Five of my big leadership mistakes

It does not take long being in a leadership role until we start making mistakes. I have been in various leadership roles over the past 40 years and so have had – and taken – the opportunities to make probably more mistakes than most.

Although there is a whole host of mistakes that we can and often do make, some are recurring themes to which more than a few of us seem vulnerable. In the hope that you will learn from my mistakes rather than have to make them all yourself, I offer you my Top Five leadership mistakes in the hopes that, rather than judging me, you will learn from me!

1 – Hoping issues will just go away.

Not a day goes by when there isn’t some issue presenting itself and, to be honest, a lot of them do sort themselves out. Not every little issue needs me to wade in and ‘fix it’. However, there are issues that arise that aren’t going away, that are involving more and more people and that are clearly in conflict with our core values and, more importantly, with Biblical principles.

I have come to realise that, although I generally dislike conflict, the cost of not addressing the issue and taking appropriate, calm and prayerful action is always greater than actually focussing on the issue and addressing it. Just hoping the issue will go away generally leads to greater, more costly conflict involving more people and inflicting greater damage.  

2 – Assuming everyone moves at the same pace as me.

Although I have taught quite a bit on leading in a time of change, I keep having to learn that those who are more pioneering by nature will embrace change at a quicker pace than others. There will be growing resistance to even the best new idea if enough time is not given to allow people to become used to the concept and embrace the change.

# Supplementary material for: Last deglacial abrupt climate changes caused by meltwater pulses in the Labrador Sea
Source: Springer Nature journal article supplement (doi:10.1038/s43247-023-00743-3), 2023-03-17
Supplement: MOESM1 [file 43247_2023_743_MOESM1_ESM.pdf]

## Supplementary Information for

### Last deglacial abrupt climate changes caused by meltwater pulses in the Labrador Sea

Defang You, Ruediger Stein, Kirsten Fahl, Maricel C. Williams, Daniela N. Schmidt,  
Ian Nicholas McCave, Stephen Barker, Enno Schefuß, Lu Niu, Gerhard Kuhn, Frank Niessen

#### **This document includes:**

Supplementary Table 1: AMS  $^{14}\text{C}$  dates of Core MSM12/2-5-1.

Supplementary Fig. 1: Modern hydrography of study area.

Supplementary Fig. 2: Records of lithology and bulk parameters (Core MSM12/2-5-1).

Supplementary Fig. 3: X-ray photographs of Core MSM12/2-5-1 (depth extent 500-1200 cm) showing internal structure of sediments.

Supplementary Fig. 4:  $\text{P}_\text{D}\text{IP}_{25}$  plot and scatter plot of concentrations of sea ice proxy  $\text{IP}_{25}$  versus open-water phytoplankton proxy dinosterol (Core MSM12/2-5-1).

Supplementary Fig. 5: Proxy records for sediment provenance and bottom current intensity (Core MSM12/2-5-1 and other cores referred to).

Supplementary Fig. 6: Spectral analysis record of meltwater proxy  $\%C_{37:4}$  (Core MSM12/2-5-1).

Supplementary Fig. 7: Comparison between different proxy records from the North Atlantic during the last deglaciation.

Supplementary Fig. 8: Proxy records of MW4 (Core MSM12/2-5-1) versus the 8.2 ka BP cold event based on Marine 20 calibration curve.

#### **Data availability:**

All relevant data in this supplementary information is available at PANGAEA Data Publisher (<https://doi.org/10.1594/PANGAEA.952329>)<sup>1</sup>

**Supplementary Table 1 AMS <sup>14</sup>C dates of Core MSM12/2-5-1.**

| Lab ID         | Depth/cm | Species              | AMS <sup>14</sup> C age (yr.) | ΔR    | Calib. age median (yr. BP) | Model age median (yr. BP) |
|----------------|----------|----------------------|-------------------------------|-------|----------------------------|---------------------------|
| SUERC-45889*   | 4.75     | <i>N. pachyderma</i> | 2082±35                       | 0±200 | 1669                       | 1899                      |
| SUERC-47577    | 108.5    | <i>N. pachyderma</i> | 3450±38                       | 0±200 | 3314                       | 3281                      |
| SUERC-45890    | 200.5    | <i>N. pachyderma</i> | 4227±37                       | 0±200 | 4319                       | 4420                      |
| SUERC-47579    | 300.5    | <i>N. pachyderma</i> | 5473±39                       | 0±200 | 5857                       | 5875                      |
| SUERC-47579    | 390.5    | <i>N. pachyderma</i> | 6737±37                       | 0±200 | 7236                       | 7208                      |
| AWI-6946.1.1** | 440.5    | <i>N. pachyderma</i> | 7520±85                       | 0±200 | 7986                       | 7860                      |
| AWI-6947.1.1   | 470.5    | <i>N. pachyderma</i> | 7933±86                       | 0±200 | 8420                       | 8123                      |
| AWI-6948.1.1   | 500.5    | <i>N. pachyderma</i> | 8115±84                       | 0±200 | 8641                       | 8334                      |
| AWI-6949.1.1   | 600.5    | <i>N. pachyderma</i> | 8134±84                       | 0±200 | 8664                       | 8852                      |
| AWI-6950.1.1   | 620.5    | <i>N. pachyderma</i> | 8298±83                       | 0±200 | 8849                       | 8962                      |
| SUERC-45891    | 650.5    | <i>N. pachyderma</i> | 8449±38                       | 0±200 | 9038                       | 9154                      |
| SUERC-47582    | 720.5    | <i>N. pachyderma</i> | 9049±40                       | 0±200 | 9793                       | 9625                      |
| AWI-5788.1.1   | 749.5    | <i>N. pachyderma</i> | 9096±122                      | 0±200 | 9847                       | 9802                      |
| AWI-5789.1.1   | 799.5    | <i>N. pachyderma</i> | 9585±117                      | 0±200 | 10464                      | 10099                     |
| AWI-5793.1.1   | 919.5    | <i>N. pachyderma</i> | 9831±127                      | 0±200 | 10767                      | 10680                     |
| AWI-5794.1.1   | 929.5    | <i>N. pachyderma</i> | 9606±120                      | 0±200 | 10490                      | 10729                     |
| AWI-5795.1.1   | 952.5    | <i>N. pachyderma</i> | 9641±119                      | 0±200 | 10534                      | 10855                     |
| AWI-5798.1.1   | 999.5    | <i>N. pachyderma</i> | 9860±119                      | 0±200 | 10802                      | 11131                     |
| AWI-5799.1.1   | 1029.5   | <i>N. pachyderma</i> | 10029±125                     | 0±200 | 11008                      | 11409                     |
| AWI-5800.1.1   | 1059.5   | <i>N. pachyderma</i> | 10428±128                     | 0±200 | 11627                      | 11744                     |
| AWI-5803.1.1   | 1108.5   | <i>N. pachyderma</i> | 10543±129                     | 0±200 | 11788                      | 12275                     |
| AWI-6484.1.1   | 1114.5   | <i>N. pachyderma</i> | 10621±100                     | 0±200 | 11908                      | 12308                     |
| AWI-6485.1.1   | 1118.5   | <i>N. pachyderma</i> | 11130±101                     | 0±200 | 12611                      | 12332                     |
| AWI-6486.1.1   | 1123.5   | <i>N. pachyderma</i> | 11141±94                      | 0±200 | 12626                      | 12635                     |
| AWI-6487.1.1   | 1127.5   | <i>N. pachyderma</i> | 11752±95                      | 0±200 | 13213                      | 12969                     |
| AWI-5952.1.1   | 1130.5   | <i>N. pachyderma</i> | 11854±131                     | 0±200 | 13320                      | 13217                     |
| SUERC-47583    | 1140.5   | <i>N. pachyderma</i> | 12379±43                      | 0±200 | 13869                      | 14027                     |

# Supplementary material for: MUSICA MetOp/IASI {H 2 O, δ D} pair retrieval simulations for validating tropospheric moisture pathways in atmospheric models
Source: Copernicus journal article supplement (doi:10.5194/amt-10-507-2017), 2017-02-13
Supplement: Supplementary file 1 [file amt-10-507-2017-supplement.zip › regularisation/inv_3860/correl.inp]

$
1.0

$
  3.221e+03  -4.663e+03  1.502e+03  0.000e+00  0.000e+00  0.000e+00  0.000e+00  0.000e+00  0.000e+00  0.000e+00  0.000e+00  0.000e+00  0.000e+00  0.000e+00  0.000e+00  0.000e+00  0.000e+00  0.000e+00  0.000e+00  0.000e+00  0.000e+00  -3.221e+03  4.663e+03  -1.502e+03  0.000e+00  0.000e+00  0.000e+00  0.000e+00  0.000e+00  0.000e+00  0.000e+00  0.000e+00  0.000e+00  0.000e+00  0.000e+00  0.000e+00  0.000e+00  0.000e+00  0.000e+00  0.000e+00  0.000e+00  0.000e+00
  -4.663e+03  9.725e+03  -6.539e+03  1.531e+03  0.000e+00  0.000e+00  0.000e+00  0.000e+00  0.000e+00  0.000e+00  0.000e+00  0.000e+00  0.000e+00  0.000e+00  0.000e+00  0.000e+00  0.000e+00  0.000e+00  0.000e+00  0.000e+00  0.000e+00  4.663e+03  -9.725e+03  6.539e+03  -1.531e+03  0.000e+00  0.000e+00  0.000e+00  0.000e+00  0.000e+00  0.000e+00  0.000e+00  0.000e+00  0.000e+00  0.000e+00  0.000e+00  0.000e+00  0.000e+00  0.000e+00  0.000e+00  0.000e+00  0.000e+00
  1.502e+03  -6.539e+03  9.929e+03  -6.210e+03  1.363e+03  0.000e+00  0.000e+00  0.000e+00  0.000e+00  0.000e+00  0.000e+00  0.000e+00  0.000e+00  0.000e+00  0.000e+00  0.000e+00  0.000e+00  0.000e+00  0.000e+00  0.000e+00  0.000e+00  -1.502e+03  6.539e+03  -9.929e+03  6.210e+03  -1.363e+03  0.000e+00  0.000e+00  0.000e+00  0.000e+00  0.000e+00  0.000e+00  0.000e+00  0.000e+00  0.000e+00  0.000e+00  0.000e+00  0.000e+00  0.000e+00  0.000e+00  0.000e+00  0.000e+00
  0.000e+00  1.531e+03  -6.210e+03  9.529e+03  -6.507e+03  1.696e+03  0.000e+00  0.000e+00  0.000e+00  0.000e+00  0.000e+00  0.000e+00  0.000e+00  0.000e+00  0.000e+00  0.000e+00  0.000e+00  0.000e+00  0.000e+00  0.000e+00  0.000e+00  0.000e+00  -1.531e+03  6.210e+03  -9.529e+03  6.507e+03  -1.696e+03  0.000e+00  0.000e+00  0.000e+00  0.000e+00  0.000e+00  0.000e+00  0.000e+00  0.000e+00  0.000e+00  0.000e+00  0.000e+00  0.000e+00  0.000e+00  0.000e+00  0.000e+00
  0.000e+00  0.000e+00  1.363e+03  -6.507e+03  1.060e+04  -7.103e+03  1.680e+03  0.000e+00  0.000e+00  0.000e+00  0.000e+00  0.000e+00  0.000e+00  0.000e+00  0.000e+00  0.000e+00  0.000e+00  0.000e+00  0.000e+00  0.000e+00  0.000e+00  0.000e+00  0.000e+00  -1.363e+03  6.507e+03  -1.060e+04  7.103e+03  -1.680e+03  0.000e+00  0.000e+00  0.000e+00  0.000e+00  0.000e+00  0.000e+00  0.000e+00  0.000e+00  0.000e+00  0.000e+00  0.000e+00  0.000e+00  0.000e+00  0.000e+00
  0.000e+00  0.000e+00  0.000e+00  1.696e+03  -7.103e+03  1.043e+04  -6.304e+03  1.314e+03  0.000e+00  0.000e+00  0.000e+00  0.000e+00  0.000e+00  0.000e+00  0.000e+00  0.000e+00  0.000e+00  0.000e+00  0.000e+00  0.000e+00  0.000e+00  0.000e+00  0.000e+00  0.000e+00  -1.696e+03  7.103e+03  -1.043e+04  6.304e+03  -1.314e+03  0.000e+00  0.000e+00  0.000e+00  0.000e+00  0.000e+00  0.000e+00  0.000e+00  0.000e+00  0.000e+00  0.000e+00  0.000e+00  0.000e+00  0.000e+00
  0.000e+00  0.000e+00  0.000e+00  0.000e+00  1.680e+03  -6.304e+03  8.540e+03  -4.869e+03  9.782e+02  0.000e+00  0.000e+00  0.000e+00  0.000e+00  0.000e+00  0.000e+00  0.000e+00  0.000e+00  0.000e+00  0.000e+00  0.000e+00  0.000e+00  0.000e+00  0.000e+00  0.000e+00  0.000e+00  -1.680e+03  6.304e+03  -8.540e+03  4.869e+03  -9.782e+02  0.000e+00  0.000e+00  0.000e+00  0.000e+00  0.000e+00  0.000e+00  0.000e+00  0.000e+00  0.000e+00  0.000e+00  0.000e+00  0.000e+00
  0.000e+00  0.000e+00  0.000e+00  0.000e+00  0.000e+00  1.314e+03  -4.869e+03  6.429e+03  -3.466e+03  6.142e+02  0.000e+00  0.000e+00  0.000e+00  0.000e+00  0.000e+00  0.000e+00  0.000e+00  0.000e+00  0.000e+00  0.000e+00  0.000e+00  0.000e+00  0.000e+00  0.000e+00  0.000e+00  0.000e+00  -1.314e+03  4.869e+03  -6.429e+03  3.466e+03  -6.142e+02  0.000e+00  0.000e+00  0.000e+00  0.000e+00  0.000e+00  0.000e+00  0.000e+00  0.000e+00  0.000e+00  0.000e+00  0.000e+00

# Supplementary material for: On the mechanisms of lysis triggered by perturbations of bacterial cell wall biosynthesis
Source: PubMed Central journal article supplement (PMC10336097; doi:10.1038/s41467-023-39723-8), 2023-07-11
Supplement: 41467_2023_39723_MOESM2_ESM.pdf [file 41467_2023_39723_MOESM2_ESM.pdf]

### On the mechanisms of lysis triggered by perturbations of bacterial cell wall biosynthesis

I have, to my own and everyone else’s cost, had a tendency to assume that because I can see the sense in an idea and can see what needs to change to implement that new idea, so everyone else will move at the same pace. Which is strange really, because I know how it feels to be ‘railroaded’ by those who move at a faster pace than me! I have learned that we need to allow more time than might seem necessary to me for others to grasp and become comfortable with the new thing that is being introduced.

3 – Being tempted to let the end justify the means.

The busier we become, the bigger the church becomes, the more of a reputation the ministry acquires, the great is the temptation to let the end justify the means – so long as it ends up looking OK, it doesn’t really matter what path we took to get there.

I have come to realise just how dangerous those waters can be, because God (not the devil!) is in the detail. It matters to Him that the means – the steps we took along the way – honour Him.

Just because software licences (for example, for song lyric software) cost a lot does not mean that God will turn a blind eye to us displaying the words to worship songs illegally. Just because someone is gifted in an area of ministry and there seems to be no one else to take over from them, does not mean that we should not challenge them if they are walking in ways that don’t glorify God.

It’s tempting, but the cost is high – too high. The cost is God removing His hand of blessing, because He blesses only that which is blessable.